But my late teens and early 20’s got me lazy, serious exercise fallen by the wayside. Odd bits of swimming in the intervening 40 years when I decided I Really Should Get Fit Again. Seems I still have good lung capacity on the back of those rowing years (Avoids joke about the 35-year-old whose lungs I have… A few really fit years in your teens will stand you in good stead, it seems)

    But now I find myself by that beautiful East Devon coast. In the last few weeks, the idea of swimming in that sea has come to me. Apparently this is called “wild swimming” these days, rather than “swimming in the sea”. Also, of course, swimming is a good way to exercise if you have an inguinal hernia.

    Your blog here has further encouraged me. I hope it doesn’t turn out too wild.

  9. It is interesting to read your description of what it feels like to be swimming ‘trance like’, almost part of the water.
    I am a non swimmer, somehow a shameful admission. I used to go to the local swimming baths when I was a child but more for the showers (exotic) and Slush Puppie machine than anything else. I have always envied those who can swallow dive effortlessly into the sea.

  10. Hiya Tom!
    Reading this makes me wish that I could swim! But I can’t, sadly. The reason being that when I was 4, a friend who was about 5 years older than me, decided whilst we were at the swimming baths, to give me a piggyback in the water, and proceeded to swim. I slipped off, going under the water, and splashed around like a drowning rat. Needless to say I was traumatised and refused to swim. Until I went to primary school and we were taken to the swimming baths. I only jumped in once whilst holding two classmates hands, because of my fear.
    I did, however, learn how to swim well enough to do 2 lengths at a time, but that was as far as it went, I’ve never shown any interest in it since I was a teenager and I’m now 51. Sometimes I wish that I could swim, my daughter learned at school and enjoyed it for a while, but she doesn’t have much enthusiasm either.

    I really enjoyed reading this piece, you always write with such flair Tom; I am glad your back, and overall health, has improved. I imagine living somewhere by the sea (which I absolutely love btw!) helps a great deal.

    Can’t wait to receive Ring the Hill and my beautiful picture of the sheep!
    Bless you Tom xx

  11. I am planning the speech for my 50th wedding anniversary. It’s likely some of the guests will read this so I’m trying not to give too much away, but analogies with my regular swimming will feature.

  12. This is very inspiring. I love the water but have never gotten into swimming seriously. I’m 49 next week and in reasonably good shape, but so much room for improvement. It is an interesting thought that my best physical (and mental) years could be ahead of me if I was to follow your example here. You look tip top, by the way.

  13. I’ve been contemplating starting swimming (including finally learning front crawl!) to be a bit fitter and less middle aged shaped while also taking my M.E into account and this has really inspired me to pick a day to start (tomorrow morning!). If I look even half as fit and well as you do in a year or so, I will be delighted. Thanks, Tom!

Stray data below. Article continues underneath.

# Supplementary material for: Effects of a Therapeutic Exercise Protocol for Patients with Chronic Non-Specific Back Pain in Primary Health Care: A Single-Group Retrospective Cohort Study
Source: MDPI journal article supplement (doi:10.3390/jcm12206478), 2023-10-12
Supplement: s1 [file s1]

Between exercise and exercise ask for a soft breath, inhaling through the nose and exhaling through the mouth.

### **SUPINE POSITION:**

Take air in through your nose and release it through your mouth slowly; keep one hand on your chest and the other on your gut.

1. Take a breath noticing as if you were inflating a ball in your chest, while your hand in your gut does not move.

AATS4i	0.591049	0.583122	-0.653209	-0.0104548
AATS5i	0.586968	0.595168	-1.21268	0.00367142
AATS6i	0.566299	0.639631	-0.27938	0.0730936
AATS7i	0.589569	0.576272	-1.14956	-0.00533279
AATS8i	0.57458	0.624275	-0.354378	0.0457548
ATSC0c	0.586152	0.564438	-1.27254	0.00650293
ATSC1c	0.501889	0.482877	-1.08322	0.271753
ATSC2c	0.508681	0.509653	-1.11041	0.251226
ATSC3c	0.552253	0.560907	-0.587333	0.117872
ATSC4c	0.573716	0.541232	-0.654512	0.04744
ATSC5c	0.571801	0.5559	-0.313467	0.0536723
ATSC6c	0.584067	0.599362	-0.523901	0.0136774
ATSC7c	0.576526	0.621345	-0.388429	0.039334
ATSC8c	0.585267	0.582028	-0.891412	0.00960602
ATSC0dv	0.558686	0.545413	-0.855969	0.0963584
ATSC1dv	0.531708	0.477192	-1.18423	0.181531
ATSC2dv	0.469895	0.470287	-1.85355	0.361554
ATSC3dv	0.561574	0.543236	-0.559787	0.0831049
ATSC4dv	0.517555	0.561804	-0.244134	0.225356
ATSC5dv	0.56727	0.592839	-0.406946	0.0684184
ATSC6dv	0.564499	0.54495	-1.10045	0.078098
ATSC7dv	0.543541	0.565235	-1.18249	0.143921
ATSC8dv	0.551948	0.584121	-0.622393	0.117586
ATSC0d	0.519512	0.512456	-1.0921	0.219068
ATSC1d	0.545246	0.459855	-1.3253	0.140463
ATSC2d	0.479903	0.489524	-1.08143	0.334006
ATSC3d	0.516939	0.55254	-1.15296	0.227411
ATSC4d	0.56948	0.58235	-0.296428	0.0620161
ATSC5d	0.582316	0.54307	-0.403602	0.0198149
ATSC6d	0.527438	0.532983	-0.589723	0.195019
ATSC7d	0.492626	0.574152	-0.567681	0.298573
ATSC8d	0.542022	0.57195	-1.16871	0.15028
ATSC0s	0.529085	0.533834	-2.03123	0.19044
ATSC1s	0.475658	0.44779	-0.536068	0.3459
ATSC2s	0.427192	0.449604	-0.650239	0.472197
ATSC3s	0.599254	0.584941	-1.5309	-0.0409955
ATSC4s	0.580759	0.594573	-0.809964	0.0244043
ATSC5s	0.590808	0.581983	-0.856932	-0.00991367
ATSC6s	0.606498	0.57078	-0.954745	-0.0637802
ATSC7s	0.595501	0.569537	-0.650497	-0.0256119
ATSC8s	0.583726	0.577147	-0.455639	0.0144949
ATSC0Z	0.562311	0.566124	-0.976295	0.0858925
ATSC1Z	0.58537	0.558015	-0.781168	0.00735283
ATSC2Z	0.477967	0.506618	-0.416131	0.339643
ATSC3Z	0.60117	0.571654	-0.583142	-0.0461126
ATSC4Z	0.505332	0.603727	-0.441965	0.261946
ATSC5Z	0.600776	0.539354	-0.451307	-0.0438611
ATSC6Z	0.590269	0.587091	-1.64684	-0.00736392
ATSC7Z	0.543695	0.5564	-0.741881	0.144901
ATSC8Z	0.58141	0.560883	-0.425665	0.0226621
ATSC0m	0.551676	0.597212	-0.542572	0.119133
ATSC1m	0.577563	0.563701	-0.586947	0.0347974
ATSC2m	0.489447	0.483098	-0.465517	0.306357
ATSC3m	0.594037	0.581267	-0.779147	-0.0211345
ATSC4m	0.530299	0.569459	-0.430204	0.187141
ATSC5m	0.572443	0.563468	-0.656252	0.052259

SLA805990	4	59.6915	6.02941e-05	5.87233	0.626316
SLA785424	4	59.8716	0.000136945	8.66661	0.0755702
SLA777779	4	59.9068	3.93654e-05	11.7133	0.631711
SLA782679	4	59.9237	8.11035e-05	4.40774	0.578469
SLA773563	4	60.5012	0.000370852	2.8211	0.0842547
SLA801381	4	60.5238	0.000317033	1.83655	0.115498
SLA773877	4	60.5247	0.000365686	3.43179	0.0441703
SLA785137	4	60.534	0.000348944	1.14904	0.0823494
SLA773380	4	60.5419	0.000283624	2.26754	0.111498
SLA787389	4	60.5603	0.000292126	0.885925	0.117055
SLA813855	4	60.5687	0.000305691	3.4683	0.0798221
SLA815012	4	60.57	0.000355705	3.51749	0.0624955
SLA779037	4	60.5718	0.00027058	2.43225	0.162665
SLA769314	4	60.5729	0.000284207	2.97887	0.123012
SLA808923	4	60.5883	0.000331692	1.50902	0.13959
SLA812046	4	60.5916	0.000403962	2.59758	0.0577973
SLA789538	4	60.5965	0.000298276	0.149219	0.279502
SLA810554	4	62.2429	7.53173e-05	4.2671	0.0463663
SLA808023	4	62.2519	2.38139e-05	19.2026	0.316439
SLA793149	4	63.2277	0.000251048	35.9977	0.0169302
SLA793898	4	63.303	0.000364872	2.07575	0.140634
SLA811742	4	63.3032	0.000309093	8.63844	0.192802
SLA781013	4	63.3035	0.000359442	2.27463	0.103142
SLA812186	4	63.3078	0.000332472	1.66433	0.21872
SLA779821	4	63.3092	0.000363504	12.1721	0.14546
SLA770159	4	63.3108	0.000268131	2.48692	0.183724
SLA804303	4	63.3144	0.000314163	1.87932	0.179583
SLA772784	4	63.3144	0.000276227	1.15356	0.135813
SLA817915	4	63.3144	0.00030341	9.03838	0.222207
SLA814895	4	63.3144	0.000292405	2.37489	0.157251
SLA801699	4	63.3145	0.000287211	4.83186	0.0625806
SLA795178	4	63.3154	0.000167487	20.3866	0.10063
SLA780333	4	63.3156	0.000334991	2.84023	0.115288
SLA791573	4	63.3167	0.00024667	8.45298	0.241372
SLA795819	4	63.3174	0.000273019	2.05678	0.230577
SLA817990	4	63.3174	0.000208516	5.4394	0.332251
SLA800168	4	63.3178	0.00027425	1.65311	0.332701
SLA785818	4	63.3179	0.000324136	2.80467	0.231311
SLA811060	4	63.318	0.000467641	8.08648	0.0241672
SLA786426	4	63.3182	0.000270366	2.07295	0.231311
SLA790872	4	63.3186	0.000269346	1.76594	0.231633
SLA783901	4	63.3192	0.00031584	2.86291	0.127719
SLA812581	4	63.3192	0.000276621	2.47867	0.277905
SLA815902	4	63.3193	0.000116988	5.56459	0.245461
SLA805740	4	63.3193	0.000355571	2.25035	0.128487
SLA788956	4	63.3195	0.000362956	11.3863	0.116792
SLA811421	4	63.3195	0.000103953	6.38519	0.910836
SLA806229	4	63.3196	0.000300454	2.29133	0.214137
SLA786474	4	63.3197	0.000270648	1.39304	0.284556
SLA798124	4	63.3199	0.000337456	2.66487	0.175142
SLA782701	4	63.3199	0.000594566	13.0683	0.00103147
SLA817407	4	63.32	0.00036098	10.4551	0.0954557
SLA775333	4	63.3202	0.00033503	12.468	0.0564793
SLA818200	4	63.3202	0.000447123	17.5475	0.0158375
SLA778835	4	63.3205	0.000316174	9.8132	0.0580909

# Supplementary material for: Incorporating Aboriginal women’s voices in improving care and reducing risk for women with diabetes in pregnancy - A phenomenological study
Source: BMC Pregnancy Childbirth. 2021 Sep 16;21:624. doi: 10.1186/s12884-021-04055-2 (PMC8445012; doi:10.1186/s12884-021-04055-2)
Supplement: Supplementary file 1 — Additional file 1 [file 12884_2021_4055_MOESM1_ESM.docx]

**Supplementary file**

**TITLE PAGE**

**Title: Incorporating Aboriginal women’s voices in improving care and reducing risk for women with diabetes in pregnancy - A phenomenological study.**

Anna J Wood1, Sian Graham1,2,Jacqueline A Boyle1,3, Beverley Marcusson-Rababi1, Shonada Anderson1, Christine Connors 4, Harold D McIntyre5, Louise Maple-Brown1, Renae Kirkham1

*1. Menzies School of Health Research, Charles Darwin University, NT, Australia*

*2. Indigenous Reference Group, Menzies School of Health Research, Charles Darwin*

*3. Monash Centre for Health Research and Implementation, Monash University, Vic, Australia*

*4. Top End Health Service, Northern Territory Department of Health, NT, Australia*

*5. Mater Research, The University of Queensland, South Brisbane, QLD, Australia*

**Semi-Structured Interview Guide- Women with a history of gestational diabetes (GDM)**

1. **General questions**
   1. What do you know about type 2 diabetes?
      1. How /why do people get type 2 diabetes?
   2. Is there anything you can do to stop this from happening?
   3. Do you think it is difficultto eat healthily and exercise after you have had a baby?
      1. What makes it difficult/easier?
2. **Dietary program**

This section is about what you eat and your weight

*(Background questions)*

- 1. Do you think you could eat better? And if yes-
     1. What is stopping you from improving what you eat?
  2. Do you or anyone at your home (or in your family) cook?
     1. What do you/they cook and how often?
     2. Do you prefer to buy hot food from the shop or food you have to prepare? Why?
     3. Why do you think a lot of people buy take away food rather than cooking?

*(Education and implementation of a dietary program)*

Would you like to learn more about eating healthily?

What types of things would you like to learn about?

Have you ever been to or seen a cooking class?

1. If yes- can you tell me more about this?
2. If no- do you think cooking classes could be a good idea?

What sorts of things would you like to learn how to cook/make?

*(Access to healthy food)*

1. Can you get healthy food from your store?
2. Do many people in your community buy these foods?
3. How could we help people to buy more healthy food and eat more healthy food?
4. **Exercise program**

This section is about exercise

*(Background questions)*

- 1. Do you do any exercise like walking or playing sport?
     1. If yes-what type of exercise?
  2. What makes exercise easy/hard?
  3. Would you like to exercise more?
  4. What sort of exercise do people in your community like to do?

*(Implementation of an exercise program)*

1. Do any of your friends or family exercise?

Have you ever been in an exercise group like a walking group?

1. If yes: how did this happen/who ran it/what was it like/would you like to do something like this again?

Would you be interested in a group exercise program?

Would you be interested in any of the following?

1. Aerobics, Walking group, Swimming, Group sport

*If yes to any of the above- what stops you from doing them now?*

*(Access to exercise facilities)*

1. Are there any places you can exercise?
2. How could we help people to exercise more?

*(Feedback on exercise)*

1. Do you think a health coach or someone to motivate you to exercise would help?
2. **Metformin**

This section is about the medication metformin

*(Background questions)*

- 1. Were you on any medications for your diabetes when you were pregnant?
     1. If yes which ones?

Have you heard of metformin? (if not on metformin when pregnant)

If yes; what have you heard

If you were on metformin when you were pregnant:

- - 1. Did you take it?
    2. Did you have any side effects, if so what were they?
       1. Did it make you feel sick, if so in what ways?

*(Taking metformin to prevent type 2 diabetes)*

14. This resonates a lot, yet shows to me even greater possibilities of swimming. Inspires me to keep going and perhaps even to push a little more.
    I have disc issues, and had only ever swam head above the water, limited breast stroke until I got it diagnosed. I’ve learnt back stroke through YouTube and love swimming now, and the accompanying sense of targeted healing.
    Perhaps I can still tackle front crawl!
    Thank you.

  15. Beautiful. And so much I recognise.

    After years of niggling anxiety and failed attempts at lessons, I finally learned to swim a couple of years ago – and promptly fell in love. I ride bikes, I hike, I sometimes run, but none of those have ever brought on that meditative state that swimming does. This summer I swam in the sea for the first time and I’m not sure I’ve ever felt such pure joy of being in the moment. I find myself dreaming of sandy coves now.

  16. I developed a fear of swimming as a child. It stopped me studying marine biology in my final year at school as I wasn’t allowed an alternative assessment when I confessed that I could not do the reef snorkelling field trip. I was devastated. I tried arguing that astronomers didn’t have to travel into space to study astrophysics, but was handed a note to transfer out. It was awful.

    When as an adult I knew I had the opportunity that would never come
    again, to swim in the ocean from a boat in the Caribbean…I knew I had to do something. I took swimming lessons, but they were in a poop without a deep end.

    Pool to ocean is a mind battle. A big mind battle. When the time came…

    Yes, I plunged in to the deep ocean…terrified as it was not exactly the calm blue Caribbean sea I had imagined. There were waves and a storm was approaching.

    Everyone else in the group went down to snorkel at a shipwreck…I stayed on the surface feeling like a kid missing out on all that wonder all over again. People offered to hold my hand and their kindness made me feel worse. I felt very brave yet so ridiculously alone and childish bobbing around on the surface at the same time.

    And then…a wild turtle was with me.

    It swam under me, turning and coming back again, its flipper brushed my stomach a few times and it stayed and played. It did this until the first few people resurfaced and then swam off.

    It was incredible.

    It was the first time I had replaced fear with giddy joy in the water and it’s what I hold onto each time that old pattern of fear returns.